By Ray Brindal
CANBERRA—As populations and food needs grow across the Middle East, one Egyptian businessman has spotted a niche export opportunity for Australia: camel meat.
Magdy el Ashram, who has spent the past two years in Australia, is reaching the final stages of a plan that he believes could both feed a hungry region and resolve one of Australia’s biggest feral-animal problems. Mr. Ashram last week applied to the government of the South Australian town of Port Pirie for permission to build a plant to slaughter up to 100,000 camels annually. It would be the first industrial-scale attempt to process the meat in Australia in accordance with halal dietary laws that make it suitable for Muslims to eat.
“Maybe camels are a problem for Australia, but there’s a need for the meat somewhere else,” Mr. Ashram said. “If someone is going to process it, he’s solving the problems for the government and solving the problem for the people who want to eat it.”
Camels, prized in the Middle East for their fat-rich milk and lean meat as well as a means of transport, are a pest in Australia, blamed for devastating wilderness and farmland. Introduced in the first half of the 19th century as pack animals to help open up the country’s vast interior to European settlers, they now roam in numbers that exceed a million, the government estimates—about 10% of the world total. Facing forecasts that if left unchecked the population could double in the next decade, the federal authorities in 2009 set up a four-year, 19 million Australian dollar (US$20 million) project to cull the animals.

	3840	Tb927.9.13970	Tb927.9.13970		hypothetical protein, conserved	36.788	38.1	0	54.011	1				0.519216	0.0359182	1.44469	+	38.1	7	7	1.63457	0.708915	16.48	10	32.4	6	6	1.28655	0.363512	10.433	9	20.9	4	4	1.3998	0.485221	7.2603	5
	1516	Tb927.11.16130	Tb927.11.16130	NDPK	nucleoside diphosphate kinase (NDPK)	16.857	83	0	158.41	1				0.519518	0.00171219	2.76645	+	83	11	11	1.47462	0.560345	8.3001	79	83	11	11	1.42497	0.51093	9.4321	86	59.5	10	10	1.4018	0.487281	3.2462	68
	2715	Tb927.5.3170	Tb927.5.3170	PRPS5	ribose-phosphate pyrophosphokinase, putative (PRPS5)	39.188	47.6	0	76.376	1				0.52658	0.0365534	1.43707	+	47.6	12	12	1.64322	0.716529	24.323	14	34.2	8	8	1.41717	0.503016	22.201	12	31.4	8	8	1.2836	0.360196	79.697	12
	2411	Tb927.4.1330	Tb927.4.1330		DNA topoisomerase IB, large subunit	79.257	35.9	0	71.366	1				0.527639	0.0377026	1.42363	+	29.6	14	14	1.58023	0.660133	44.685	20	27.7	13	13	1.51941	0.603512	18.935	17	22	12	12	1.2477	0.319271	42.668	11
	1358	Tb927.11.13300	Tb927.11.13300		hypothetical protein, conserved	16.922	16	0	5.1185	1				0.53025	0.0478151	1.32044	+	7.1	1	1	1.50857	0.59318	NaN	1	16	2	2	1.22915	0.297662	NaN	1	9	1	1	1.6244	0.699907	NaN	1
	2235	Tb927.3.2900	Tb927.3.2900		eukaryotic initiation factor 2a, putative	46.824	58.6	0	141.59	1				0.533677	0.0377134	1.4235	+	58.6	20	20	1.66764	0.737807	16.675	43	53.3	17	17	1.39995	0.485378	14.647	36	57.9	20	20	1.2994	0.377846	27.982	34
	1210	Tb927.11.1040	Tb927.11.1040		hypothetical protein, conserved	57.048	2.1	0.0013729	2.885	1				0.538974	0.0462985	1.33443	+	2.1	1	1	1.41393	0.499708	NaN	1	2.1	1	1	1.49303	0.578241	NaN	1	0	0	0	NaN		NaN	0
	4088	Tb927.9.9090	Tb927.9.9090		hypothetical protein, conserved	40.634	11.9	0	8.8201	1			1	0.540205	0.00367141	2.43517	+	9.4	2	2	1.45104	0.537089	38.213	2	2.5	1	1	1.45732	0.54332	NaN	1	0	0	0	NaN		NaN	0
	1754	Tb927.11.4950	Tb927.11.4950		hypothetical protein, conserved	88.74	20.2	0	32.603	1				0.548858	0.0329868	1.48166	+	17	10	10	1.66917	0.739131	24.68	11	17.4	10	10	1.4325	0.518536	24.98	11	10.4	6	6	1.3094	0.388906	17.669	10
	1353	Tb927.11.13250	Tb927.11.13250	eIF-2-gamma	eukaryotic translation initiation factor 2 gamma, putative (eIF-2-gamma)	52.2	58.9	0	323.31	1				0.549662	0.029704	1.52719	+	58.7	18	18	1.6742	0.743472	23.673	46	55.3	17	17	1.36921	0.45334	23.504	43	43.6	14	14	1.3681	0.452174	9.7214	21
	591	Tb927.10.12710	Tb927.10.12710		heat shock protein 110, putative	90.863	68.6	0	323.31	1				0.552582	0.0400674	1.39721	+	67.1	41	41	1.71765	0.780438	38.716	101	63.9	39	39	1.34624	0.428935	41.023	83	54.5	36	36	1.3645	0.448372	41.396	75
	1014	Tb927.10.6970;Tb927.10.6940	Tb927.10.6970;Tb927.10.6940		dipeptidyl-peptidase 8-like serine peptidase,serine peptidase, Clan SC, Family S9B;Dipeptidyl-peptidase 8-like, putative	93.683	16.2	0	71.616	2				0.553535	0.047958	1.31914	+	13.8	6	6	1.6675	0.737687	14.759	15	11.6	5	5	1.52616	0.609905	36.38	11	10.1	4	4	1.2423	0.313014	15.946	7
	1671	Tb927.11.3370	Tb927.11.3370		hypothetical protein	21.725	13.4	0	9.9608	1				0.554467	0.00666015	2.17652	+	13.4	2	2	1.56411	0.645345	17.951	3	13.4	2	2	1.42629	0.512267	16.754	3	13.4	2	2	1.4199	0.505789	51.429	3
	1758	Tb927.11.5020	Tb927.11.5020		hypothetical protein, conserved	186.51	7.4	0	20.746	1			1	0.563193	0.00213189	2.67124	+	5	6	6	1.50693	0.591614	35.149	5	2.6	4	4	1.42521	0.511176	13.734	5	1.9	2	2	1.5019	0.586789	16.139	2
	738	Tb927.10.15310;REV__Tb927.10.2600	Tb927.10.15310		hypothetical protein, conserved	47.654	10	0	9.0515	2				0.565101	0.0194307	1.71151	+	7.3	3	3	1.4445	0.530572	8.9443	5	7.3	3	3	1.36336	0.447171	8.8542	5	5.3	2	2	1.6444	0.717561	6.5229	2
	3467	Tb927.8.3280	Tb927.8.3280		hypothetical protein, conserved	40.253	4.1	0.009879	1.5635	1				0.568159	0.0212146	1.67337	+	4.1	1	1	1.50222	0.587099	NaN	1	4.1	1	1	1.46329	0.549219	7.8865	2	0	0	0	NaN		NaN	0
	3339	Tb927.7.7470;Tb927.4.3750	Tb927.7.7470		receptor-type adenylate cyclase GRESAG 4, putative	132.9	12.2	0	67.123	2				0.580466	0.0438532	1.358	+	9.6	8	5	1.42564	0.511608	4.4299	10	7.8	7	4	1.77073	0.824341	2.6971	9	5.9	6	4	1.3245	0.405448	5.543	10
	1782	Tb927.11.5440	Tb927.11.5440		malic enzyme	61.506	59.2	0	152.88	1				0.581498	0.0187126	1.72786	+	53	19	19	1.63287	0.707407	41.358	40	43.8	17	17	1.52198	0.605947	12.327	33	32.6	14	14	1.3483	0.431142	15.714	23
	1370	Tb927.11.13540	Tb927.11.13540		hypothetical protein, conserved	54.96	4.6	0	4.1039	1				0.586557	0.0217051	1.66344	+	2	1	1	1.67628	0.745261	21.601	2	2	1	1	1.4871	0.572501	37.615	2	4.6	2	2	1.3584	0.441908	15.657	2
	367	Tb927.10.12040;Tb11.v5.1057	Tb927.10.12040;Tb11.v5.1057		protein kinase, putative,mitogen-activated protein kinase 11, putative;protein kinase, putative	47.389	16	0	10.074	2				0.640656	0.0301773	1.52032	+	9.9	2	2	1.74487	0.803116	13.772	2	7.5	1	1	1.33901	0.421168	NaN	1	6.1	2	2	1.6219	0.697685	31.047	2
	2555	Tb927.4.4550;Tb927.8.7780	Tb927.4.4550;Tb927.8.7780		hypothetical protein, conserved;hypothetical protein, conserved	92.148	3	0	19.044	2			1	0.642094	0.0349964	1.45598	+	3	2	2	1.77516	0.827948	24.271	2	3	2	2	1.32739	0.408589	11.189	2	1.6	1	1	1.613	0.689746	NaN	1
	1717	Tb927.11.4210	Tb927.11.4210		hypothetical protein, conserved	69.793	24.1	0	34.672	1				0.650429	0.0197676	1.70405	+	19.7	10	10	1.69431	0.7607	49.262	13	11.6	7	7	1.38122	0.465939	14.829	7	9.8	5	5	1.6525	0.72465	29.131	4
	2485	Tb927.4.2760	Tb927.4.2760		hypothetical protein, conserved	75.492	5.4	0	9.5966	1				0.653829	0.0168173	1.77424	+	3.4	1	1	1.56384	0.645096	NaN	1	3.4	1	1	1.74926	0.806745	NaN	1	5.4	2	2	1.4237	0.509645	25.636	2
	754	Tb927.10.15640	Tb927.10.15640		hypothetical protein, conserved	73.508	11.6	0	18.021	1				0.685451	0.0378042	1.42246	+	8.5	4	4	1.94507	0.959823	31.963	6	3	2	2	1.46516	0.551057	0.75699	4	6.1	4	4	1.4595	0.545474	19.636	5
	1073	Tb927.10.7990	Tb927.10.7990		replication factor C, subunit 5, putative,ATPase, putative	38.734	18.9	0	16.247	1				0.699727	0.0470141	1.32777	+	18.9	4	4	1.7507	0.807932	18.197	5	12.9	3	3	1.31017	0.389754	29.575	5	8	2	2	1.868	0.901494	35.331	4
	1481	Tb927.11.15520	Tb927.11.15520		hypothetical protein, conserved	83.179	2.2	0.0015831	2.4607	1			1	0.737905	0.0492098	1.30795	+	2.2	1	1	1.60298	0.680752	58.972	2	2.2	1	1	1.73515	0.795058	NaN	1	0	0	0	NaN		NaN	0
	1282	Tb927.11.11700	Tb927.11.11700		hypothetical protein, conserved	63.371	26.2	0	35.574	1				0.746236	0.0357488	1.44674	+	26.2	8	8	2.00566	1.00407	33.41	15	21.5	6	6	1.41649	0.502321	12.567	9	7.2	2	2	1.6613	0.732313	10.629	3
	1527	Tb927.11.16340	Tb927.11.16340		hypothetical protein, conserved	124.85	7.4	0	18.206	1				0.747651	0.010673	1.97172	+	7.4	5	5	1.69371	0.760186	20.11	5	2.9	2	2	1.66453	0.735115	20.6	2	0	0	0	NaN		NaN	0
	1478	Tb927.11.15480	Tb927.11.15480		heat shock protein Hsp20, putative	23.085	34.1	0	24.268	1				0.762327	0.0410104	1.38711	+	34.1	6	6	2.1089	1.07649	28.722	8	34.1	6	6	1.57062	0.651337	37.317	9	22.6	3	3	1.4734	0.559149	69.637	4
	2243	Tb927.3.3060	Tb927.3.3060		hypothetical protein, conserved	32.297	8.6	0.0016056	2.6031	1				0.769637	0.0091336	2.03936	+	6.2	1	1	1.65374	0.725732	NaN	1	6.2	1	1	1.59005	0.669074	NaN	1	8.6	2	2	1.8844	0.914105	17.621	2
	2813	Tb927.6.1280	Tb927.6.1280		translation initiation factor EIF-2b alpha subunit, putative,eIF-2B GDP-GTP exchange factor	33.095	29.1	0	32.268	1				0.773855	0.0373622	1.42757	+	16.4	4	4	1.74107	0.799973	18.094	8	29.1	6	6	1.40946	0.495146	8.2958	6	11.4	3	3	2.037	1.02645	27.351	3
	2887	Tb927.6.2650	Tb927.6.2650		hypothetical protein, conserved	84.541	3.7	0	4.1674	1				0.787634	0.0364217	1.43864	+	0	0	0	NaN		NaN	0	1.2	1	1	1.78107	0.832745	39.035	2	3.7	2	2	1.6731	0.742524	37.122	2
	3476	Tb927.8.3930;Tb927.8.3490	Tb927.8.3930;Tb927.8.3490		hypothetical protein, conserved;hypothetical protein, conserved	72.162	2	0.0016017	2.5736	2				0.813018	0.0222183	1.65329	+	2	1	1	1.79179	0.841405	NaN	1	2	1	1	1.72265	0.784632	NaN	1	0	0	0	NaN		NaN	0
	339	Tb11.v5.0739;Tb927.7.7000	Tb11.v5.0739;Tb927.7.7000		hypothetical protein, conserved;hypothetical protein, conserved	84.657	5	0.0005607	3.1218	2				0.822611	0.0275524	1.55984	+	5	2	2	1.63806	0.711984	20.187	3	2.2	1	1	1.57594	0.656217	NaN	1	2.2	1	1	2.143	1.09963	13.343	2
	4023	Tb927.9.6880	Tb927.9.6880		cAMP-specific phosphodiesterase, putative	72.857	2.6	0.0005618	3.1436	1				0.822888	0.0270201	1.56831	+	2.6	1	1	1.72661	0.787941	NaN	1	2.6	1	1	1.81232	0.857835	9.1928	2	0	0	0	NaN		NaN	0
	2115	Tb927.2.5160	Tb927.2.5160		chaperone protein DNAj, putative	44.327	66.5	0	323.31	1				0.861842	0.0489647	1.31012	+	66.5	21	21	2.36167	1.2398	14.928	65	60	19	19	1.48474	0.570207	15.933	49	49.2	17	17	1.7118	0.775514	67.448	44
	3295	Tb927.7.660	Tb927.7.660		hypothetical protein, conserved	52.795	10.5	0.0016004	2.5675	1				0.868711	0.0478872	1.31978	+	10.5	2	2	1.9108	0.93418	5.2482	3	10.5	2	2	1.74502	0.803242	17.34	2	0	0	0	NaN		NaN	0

In Mr. Ashram’s vision, cuts of camel will join kangaroo steaks and crocodile fillets in a small but growing niche at the exotic-meat end of Australia’s A$30 billion agricultural export industry. The country annually exports about 14,000 tons of kangaroo meat, worth an estimated A$27 million.
“The project stacks up on virtually every front and I will take a hands-on role in ensuring its success,” said Michael O’Brien, minister for agriculture & fisheries of the state of South Australia, who describes feral camels as an environmental menace in his state, which is bigger than Texas but has a population of just two million people. He said he’ll lobby intensely for the project.
Previous attempts to export the meat in any significant quantities have been stymied by the challenge of arranging a steady supply of the wild camels, which roam freely across vast areas of Australia’s outback, making them difficult to track, even with the help of helicopter. Peter Seidel, a 20-year camel exporter and former chief executive of the Central Australian Camel Industry Association, said Mr. Ashram faces a “daunting” task gathering enough animals. According to Mr. Seidel, who now heads the camel livestock exporting company Camel Exports Pty Ltd., around 3,000 camels are slaughtered for meat annually, with about the same number exported live. (Farmers across Australia have reared thoroughbred camels for years on a small scale, selling many to Middle East buyers for breeding stock, or for racing, a popular sport in the Arab sheikdoms of the Persian Gulf.)